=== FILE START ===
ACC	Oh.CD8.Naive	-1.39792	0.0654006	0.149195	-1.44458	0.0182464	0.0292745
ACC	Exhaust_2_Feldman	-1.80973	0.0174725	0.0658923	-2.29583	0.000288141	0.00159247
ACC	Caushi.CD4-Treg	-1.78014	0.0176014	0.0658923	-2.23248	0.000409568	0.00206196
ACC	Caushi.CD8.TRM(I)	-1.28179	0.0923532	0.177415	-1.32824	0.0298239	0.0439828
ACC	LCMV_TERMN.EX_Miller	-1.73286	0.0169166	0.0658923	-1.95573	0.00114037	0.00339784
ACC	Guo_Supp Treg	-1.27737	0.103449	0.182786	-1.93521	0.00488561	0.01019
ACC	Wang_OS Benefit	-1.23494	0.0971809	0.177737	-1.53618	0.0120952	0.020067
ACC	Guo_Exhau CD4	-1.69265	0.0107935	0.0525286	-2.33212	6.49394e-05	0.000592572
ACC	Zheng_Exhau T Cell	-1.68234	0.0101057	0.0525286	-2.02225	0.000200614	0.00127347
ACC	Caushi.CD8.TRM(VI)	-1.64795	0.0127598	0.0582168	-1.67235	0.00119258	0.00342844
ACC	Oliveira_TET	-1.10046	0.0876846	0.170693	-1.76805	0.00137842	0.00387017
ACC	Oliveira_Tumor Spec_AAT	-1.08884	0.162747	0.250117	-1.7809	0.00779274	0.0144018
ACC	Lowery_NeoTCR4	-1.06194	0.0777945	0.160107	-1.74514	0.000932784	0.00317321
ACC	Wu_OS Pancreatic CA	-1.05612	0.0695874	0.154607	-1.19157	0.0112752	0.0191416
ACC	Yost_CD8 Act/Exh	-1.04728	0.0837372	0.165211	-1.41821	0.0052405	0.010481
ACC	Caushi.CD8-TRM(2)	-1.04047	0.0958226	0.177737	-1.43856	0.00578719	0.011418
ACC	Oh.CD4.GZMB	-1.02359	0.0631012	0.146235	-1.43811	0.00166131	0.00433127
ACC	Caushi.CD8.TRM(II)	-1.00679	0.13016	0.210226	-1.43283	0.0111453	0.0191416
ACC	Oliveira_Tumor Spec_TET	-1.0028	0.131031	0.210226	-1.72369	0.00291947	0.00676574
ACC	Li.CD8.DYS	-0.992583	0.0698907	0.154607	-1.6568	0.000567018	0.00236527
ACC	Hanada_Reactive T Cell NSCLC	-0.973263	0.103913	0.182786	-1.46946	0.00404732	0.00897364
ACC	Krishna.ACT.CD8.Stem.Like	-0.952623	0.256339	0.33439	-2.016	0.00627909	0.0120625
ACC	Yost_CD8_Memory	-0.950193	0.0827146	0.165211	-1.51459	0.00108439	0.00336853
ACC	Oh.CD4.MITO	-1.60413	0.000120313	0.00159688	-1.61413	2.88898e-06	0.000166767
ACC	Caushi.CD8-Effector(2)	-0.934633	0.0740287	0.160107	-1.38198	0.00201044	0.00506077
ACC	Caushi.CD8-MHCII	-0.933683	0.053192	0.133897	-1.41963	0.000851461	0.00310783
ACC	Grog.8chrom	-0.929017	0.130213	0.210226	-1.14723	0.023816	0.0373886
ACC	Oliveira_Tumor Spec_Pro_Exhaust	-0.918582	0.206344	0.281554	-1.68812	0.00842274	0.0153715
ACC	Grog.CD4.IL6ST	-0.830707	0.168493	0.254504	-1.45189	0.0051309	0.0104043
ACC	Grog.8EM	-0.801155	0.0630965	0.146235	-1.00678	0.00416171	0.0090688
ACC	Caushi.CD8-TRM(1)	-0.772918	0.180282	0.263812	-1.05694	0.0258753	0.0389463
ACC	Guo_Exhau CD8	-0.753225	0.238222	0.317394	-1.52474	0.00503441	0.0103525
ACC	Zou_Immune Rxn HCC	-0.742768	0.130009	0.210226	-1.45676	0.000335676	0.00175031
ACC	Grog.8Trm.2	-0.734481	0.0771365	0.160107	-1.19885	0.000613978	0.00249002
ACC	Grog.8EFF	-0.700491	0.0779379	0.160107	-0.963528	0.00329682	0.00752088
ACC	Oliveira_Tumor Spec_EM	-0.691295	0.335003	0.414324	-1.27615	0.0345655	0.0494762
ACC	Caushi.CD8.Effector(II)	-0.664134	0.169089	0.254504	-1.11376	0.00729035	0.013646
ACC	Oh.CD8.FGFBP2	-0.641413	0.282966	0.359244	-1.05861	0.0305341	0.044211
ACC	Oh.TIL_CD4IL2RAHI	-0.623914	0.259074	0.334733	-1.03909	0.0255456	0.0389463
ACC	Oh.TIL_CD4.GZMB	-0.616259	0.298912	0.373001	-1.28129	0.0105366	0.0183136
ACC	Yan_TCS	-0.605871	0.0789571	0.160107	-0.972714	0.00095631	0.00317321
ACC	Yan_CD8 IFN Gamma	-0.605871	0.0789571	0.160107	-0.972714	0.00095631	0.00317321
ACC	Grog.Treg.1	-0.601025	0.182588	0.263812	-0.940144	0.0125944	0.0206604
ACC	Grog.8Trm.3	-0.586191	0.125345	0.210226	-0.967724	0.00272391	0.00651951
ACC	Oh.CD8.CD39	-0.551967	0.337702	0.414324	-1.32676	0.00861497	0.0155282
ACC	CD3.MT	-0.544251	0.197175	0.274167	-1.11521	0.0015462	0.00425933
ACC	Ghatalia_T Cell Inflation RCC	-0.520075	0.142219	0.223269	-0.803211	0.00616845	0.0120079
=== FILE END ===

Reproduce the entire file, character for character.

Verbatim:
ACC	Oh.CD8.Naive	-1.39792	0.0654006	0.149195	-1.44458	0.0182464	0.0292745
ACC	Exhaust_2_Feldman	-1.80973	0.0174725	0.0658923	-2.29583	0.000288141	0.00159247
ACC	Caushi.CD4-Treg	-1.78014	0.0176014	0.0658923	-2.23248	0.000409568	0.00206196
ACC	Caushi.CD8.TRM(I)	-1.28179	0.0923532	0.177415	-1.32824	0.0298239	0.0439828
ACC	LCMV_TERMN.EX_Miller	-1.73286	0.0169166	0.0658923	-1.95573	0.00114037	0.00339784
ACC	Guo_Supp Treg	-1.27737	0.103449	0.182786	-1.93521	0.00488561	0.01019
ACC	Wang_OS Benefit	-1.23494	0.0971809	0.177737	-1.53618	0.0120952	0.020067
ACC	Guo_Exhau CD4	-1.69265	0.0107935	0.0525286	-2.33212	6.49394e-05	0.000592572
ACC	Zheng_Exhau T Cell	-1.68234	0.0101057	0.0525286	-2.02225	0.000200614	0.00127347
ACC	Caushi.CD8.TRM(VI)	-1.64795	0.0127598	0.0582168	-1.67235	0.00119258	0.00342844
ACC	Oliveira_TET	-1.10046	0.0876846	0.170693	-1.76805	0.00137842	0.00387017
ACC	Oliveira_Tumor Spec_AAT	-1.08884	0.162747	0.250117	-1.7809	0.00779274	0.0144018
ACC	Lowery_NeoTCR4	-1.06194	0.0777945	0.160107	-1.74514	0.000932784	0.00317321
ACC	Wu_OS Pancreatic CA	-1.05612	0.0695874	0.154607	-1.19157	0.0112752	0.0191416
ACC	Yost_CD8 Act/Exh	-1.04728	0.0837372	0.165211	-1.41821	0.0052405	0.010481
ACC	Caushi.CD8-TRM(2)	-1.04047	0.0958226	0.177737	-1.43856	0.00578719	0.011418
ACC	Oh.CD4.GZMB	-1.02359	0.0631012	0.146235	-1.43811	0.00166131	0.00433127
ACC	Caushi.CD8.TRM(II)	-1.00679	0.13016	0.210226	-1.43283	0.0111453	0.0191416
ACC	Oliveira_Tumor Spec_TET	-1.0028	0.131031	0.210226	-1.72369	0.00291947	0.00676574
ACC	Li.CD8.DYS	-0.992583	0.0698907	0.154607	-1.6568	0.000567018	0.00236527
ACC	Hanada_Reactive T Cell NSCLC	-0.973263	0.103913	0.182786	-1.46946	0.00404732	0.00897364
ACC	Krishna.ACT.CD8.Stem.Like	-0.952623	0.256339	0.33439	-2.016	0.00627909	0.0120625
ACC	Yost_CD8_Memory	-0.950193	0.0827146	0.165211	-1.51459	0.00108439	0.00336853
ACC	Oh.CD4.MITO	-1.60413	0.000120313	0.00159688	-1.61413	2.88898e-06	0.000166767
ACC	Caushi.CD8-Effector(2)	-0.934633	0.0740287	0.160107	-1.38198	0.00201044	0.00506077
ACC	Caushi.CD8-MHCII	-0.933683	0.053192	0.133897	-1.41963	0.000851461	0.00310783
ACC	Grog.8chrom	-0.929017	0.130213	0.210226	-1.14723	0.023816	0.0373886
ACC	Oliveira_Tumor Spec_Pro_Exhaust	-0.918582	0.206344	0.281554	-1.68812	0.00842274	0.0153715
ACC	Grog.CD4.IL6ST	-0.830707	0.168493	0.254504	-1.45189	0.0051309	0.0104043
ACC	Grog.8EM	-0.801155	0.0630965	0.146235	-1.00678	0.00416171	0.0090688
ACC	Caushi.CD8-TRM(1)	-0.772918	0.180282	0.263812	-1.05694	0.0258753	0.0389463
ACC	Guo_Exhau CD8	-0.753225	0.238222	0.317394	-1.52474	0.00503441	0.0103525
ACC	Zou_Immune Rxn HCC	-0.742768	0.130009	0.210226	-1.45676	0.000335676	0.00175031
ACC	Grog.8Trm.2	-0.734481	0.0771365	0.160107	-1.19885	0.000613978	0.00249002
ACC	Grog.8EFF	-0.700491	0.0779379	0.160107	-0.963528	0.00329682	0.00752088
ACC	Oliveira_Tumor Spec_EM	-0.691295	0.335003	0.414324	-1.27615	0.0345655	0.0494762
ACC	Caushi.CD8.Effector(II)	-0.664134	0.169089	0.254504	-1.11376	0.00729035	0.013646
ACC	Oh.CD8.FGFBP2	-0.641413	0.282966	0.359244	-1.05861	0.0305341	0.044211
ACC	Oh.TIL_CD4IL2RAHI	-0.623914	0.259074	0.334733	-1.03909	0.0255456	0.0389463
ACC	Oh.TIL_CD4.GZMB	-0.616259	0.298912	0.373001	-1.28129	0.0105366	0.0183136
ACC	Yan_TCS	-0.605871	0.0789571	0.160107	-0.972714	0.00095631	0.00317321
ACC	Yan_CD8 IFN Gamma	-0.605871	0.0789571	0.160107	-0.972714	0.00095631	0.00317321
ACC	Grog.Treg.1	-0.601025	0.182588	0.263812	-0.940144	0.0125944	0.0206604
ACC	Grog.8Trm.3	-0.586191	0.125345	0.210226	-0.967724	0.00272391	0.00651951
ACC	Oh.CD8.CD39	-0.551967	0.337702	0.414324	-1.32676	0.00861497	0.0155282
ACC	CD3.MT	-0.544251	0.197175	0.274167	-1.11521	0.0015462	0.00425933
ACC	Ghatalia_T Cell Inflation RCC	-0.520075	0.142219	0.223269	-0.803211	0.00616845	0.0120079